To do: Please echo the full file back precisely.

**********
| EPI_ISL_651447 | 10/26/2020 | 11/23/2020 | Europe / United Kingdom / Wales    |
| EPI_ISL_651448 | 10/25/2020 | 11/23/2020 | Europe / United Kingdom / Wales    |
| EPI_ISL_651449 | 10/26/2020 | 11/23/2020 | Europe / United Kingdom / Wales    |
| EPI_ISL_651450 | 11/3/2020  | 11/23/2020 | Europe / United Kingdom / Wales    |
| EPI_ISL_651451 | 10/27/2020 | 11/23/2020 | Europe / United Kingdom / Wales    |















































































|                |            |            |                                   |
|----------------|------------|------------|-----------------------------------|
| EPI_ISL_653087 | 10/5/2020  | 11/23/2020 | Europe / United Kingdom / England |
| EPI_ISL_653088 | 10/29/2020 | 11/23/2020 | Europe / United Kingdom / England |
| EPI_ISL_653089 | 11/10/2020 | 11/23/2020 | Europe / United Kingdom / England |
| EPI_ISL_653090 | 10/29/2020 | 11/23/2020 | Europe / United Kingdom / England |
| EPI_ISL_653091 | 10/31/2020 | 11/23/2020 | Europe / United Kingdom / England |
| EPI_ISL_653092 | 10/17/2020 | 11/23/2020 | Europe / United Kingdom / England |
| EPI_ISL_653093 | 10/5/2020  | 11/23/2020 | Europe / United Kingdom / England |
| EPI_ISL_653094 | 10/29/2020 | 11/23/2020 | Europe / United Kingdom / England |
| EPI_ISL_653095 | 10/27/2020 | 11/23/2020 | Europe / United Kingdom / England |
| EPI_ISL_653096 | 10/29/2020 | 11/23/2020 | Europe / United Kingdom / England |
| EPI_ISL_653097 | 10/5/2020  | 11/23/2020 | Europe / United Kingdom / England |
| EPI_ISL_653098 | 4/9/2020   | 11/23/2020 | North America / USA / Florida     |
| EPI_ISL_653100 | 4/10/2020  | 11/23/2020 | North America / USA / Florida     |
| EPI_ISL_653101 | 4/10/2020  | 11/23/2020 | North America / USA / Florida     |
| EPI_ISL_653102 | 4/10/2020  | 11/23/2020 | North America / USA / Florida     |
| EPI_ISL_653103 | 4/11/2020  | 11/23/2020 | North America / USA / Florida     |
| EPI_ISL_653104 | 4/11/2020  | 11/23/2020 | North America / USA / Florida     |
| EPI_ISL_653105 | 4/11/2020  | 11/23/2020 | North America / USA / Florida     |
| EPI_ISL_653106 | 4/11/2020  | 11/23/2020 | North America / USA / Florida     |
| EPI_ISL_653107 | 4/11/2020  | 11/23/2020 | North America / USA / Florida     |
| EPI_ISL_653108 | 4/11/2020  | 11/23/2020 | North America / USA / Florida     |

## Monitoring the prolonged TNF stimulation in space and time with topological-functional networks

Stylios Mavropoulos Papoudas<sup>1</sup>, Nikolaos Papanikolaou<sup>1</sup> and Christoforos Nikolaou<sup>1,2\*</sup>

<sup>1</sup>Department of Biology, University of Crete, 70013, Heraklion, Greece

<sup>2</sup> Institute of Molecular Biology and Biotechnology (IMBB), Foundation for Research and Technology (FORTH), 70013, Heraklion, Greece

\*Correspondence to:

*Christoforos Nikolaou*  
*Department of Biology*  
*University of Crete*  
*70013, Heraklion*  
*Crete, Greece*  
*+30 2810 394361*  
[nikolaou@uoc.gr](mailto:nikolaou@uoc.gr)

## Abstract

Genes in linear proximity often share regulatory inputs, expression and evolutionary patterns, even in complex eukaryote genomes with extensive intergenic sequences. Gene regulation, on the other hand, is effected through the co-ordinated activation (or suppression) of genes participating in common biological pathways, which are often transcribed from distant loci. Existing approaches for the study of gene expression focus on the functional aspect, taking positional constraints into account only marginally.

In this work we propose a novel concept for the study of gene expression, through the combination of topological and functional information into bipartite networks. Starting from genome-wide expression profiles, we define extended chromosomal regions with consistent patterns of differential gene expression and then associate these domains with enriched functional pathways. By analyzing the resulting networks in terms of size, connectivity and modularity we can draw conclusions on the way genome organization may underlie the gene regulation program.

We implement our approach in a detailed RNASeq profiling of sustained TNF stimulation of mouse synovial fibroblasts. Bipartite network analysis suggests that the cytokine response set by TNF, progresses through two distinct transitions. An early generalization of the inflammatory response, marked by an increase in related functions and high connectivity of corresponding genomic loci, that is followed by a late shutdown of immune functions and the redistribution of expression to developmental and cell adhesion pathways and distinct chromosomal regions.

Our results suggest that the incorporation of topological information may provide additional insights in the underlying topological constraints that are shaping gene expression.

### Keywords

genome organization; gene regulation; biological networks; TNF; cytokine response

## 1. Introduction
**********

| EPI_ISL_651447 | 10/26/2020 | 11/23/2020 | Europe / United Kingdom / Wales    |
| EPI_ISL_651448 | 10/25/2020 | 11/23/2020 | Europe / United Kingdom / Wales    |
| EPI_ISL_651449 | 10/26/2020 | 11/23/2020 | Europe / United Kingdom / Wales    |
| EPI_ISL_651450 | 11/3/2020  | 11/23/2020 | Europe / United Kingdom / Wales    |
| EPI_ISL_651451 | 10/27/2020 | 11/23/2020 | Europe / United Kingdom / Wales    |















































































|                |            |            |                                   |
|----------------|------------|------------|-----------------------------------|
| EPI_ISL_653087 | 10/5/2020  | 11/23/2020 | Europe / United Kingdom / England |
| EPI_ISL_653088 | 10/29/2020 | 11/23/2020 | Europe / United Kingdom / England |
| EPI_ISL_653089 | 11/10/2020 | 11/23/2020 | Europe / United Kingdom / England |
| EPI_ISL_653090 | 10/29/2020 | 11/23/2020 | Europe / United Kingdom / England |
| EPI_ISL_653091 | 10/31/2020 | 11/23/2020 | Europe / United Kingdom / England |
| EPI_ISL_653092 | 10/17/2020 | 11/23/2020 | Europe / United Kingdom / England |
| EPI_ISL_653093 | 10/5/2020  | 11/23/2020 | Europe / United Kingdom / England |
| EPI_ISL_653094 | 10/29/2020 | 11/23/2020 | Europe / United Kingdom / England |
| EPI_ISL_653095 | 10/27/2020 | 11/23/2020 | Europe / United Kingdom / England |
| EPI_ISL_653096 | 10/29/2020 | 11/23/2020 | Europe / United Kingdom / England |
| EPI_ISL_653097 | 10/5/2020  | 11/23/2020 | Europe / United Kingdom / England |
| EPI_ISL_653098 | 4/9/2020   | 11/23/2020 | North America / USA / Florida     |
| EPI_ISL_653100 | 4/10/2020  | 11/23/2020 | North America / USA / Florida     |
| EPI_ISL_653101 | 4/10/2020  | 11/23/2020 | North America / USA / Florida     |
| EPI_ISL_653102 | 4/10/2020  | 11/23/2020 | North America / USA / Florida     |
| EPI_ISL_653103 | 4/11/2020  | 11/23/2020 | North America / USA / Florida     |
| EPI_ISL_653104 | 4/11/2020  | 11/23/2020 | North America / USA / Florida     |
| EPI_ISL_653105 | 4/11/2020  | 11/23/2020 | North America / USA / Florida     |
| EPI_ISL_653106 | 4/11/2020  | 11/23/2020 | North America / USA / Florida     |
| EPI_ISL_653107 | 4/11/2020  | 11/23/2020 | North America / USA / Florida     |
| EPI_ISL_653108 | 4/11/2020  | 11/23/2020 | North America / USA / Florida     |

## Monitoring the prolonged TNF stimulation in space and time with topological-functional networks

Stylios Mavropoulos Papoudas<sup>1</sup>, Nikolaos Papanikolaou<sup>1</sup> and Christoforos Nikolaou<sup>1,2\*</sup>

<sup>1</sup>Department of Biology, University of Crete, 70013, Heraklion, Greece

<sup>2</sup> Institute of Molecular Biology and Biotechnology (IMBB), Foundation for Research and Technology (FORTH), 70013, Heraklion, Greece

\*Correspondence to:

*Christoforos Nikolaou*  
*Department of Biology*  
*University of Crete*  
*70013, Heraklion*  
*Crete, Greece*  
*+30 2810 394361*  
[nikolaou@uoc.gr](mailto:nikolaou@uoc.gr)

## Abstract

Genes in linear proximity often share regulatory inputs, expression and evolutionary patterns, even in complex eukaryote genomes with extensive intergenic sequences. Gene regulation, on the other hand, is effected through the co-ordinated activation (or suppression) of genes participating in common biological pathways, which are often transcribed from distant loci. Existing approaches for the study of gene expression focus on the functional aspect, taking positional constraints into account only marginally.

In this work we propose a novel concept for the study of gene expression, through the combination of topological and functional information into bipartite networks. Starting from genome-wide expression profiles, we define extended chromosomal regions with consistent patterns of differential gene expression and then associate these domains with enriched functional pathways. By analyzing the resulting networks in terms of size, connectivity and modularity we can draw conclusions on the way genome organization may underlie the gene regulation program.

We implement our approach in a detailed RNASeq profiling of sustained TNF stimulation of mouse synovial fibroblasts. Bipartite network analysis suggests that the cytokine response set by TNF, progresses through two distinct transitions. An early generalization of the inflammatory response, marked by an increase in related functions and high connectivity of corresponding genomic loci, that is followed by a late shutdown of immune functions and the redistribution of expression to developmental and cell adhesion pathways and distinct chromosomal regions.

Our results suggest that the incorporation of topological information may provide additional insights in the underlying topological constraints that are shaping gene expression.

### Keywords

genome organization; gene regulation; biological networks; TNF; cytokine response

## 1. Introduction